The Parthenon Refinements, 447-432).
The lines of the Parthenon, essentially, or apparently, verticals and horizontals, were designed by way of subtle yet significant variations from the norm, so that what appears to be straight is in fact curved, and thus the stylobate, as Pollitt points out, becomes a “subtle dome” (72) I love that notion. The dome is there, but only if you measure for it. Greeks apparently had no use for arches and domes and such, unless they were invisible. Wait for the Romans for arches and domes and such to appear, so beautifully in connection with Greek trabeation such as this.
What are we to make of these so-called refinements? Pollitt says that those “delicate variations meant that virtually every architectural member of the Parthenon had to be carved, like a jewel, to separate, minute specifications.” Does this not feel like sculpture?
I first learned, I forget where, that the Parthenon refinements actually make the lines look more uniform, straighter, more regular. That is how I taught the term entasis - the slight swelling of the column at the middle - as I pat my belly - that makes it look straight when seen from below. This is the theory proposed by Vetruvius, who knows a thing or two; apparently, without those variations the lines at those dimensions would look crooked.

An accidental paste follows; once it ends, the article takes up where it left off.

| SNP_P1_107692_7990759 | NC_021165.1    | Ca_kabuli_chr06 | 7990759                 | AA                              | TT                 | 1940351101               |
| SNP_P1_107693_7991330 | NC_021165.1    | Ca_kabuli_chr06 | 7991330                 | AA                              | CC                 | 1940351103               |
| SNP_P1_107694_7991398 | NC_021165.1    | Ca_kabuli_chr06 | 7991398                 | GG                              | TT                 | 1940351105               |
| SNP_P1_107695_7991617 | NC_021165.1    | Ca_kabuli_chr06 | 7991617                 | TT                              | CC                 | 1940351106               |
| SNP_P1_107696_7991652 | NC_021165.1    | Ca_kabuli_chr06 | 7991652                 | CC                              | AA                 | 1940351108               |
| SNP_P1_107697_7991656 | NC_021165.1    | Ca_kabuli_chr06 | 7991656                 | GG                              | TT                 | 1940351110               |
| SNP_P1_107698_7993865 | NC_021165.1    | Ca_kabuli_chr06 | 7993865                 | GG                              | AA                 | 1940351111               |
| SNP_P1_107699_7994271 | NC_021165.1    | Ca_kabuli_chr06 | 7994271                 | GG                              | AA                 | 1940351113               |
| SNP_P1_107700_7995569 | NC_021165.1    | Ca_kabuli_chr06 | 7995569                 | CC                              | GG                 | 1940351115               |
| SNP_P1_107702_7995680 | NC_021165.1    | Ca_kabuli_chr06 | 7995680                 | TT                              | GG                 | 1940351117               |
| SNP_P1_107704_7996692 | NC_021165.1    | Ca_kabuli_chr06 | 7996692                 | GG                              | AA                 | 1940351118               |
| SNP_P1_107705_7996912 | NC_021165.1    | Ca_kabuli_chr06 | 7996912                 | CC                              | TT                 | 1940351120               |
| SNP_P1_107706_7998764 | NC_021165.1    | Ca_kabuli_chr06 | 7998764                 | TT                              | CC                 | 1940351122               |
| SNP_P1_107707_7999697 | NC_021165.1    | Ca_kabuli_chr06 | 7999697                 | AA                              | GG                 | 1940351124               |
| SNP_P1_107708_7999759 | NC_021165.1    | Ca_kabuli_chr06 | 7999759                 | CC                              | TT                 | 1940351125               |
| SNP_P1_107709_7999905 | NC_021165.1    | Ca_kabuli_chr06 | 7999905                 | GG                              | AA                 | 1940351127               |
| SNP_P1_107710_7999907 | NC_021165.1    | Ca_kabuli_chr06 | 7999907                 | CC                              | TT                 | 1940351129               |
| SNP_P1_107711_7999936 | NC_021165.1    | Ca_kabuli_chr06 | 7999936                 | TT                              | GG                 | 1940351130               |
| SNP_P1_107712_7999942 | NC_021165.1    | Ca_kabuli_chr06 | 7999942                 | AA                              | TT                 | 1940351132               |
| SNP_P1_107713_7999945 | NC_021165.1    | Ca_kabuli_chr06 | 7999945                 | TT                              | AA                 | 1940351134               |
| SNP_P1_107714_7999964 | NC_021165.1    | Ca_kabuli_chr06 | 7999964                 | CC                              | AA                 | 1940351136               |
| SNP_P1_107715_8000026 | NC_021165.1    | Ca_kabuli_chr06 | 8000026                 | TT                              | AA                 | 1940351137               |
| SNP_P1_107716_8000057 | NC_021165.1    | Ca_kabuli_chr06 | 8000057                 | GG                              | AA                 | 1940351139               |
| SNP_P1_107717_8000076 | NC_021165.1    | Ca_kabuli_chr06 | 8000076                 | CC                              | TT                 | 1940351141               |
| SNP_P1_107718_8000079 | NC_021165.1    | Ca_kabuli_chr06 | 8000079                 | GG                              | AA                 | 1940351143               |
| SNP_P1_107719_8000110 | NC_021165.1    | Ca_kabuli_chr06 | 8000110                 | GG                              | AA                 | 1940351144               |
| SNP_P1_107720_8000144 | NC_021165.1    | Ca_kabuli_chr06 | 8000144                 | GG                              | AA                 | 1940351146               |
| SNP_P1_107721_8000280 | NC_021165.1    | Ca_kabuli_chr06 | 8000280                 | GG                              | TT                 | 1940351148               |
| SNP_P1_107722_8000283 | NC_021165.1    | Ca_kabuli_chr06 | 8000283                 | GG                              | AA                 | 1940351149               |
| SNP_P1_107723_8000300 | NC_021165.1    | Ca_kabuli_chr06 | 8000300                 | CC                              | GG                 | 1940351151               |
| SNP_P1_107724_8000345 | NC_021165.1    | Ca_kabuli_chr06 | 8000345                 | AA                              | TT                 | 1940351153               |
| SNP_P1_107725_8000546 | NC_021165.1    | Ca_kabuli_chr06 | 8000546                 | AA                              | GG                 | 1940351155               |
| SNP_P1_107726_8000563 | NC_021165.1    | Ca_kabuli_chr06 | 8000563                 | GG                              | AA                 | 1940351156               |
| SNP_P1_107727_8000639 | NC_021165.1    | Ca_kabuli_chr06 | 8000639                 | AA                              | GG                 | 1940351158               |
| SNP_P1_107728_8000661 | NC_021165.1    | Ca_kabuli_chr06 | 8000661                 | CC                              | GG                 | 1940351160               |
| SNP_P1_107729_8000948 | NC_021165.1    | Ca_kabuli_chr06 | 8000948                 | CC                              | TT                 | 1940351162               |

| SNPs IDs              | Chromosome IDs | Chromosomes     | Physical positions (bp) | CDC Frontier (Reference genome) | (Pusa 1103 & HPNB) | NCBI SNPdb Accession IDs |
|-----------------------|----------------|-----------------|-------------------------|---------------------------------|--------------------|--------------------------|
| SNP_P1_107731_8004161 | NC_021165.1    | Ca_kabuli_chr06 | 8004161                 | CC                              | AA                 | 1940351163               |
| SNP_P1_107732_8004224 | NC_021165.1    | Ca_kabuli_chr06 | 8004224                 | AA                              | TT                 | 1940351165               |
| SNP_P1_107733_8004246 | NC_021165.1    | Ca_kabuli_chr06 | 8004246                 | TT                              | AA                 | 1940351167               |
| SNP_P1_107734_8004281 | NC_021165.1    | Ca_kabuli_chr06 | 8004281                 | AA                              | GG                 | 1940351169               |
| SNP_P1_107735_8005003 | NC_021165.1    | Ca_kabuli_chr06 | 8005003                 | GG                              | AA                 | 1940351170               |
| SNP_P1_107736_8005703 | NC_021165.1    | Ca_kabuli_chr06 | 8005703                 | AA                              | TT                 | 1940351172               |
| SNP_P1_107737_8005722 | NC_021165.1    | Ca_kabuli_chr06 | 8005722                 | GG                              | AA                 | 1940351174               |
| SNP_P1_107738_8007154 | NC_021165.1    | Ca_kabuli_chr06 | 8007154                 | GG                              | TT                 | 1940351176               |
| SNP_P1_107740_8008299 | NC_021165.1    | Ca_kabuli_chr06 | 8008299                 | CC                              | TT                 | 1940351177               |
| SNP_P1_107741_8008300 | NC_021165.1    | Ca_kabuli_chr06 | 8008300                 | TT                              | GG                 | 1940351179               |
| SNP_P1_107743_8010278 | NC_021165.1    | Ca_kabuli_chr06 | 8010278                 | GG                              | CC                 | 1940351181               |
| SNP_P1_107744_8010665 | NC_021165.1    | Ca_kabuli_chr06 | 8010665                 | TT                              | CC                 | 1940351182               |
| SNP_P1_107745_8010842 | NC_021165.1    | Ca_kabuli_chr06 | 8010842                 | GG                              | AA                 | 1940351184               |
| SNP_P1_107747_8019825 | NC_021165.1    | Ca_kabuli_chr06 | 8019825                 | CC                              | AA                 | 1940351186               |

Pollitt points out two more reasons for the variations, and then goes on to suggest that they all work pretty well. In addition to the compensation theory, he says that the “anti-Vitruvian” theory has it that the variations in fact make the temple stand out by way of its different lines and exaggerated optical effects.
Pollitt’s third reason for these refinements is that they are
...intentional deviations from ‘regularity’ for the purpose of creating a tension in the mind of the viewer between what he expects to see and what he actually does see. The mind looks for a regular geometric paradigm of a temple with true horizontals, right angles etc., but the eye sees a complex aggregate of curves and variant dimensions. As a result, the mind struggles to reconcile what it knows with what the eye sees, and from this struggle arises a tension and fascination which makes the structure seem vibrant, alive, and continually interesting. (Pollitt 77)
I should say how enormously grateful I feel, not just to the Parthenon, of course, but to Pollitt and others like him who have taken the trouble to point such things out to me.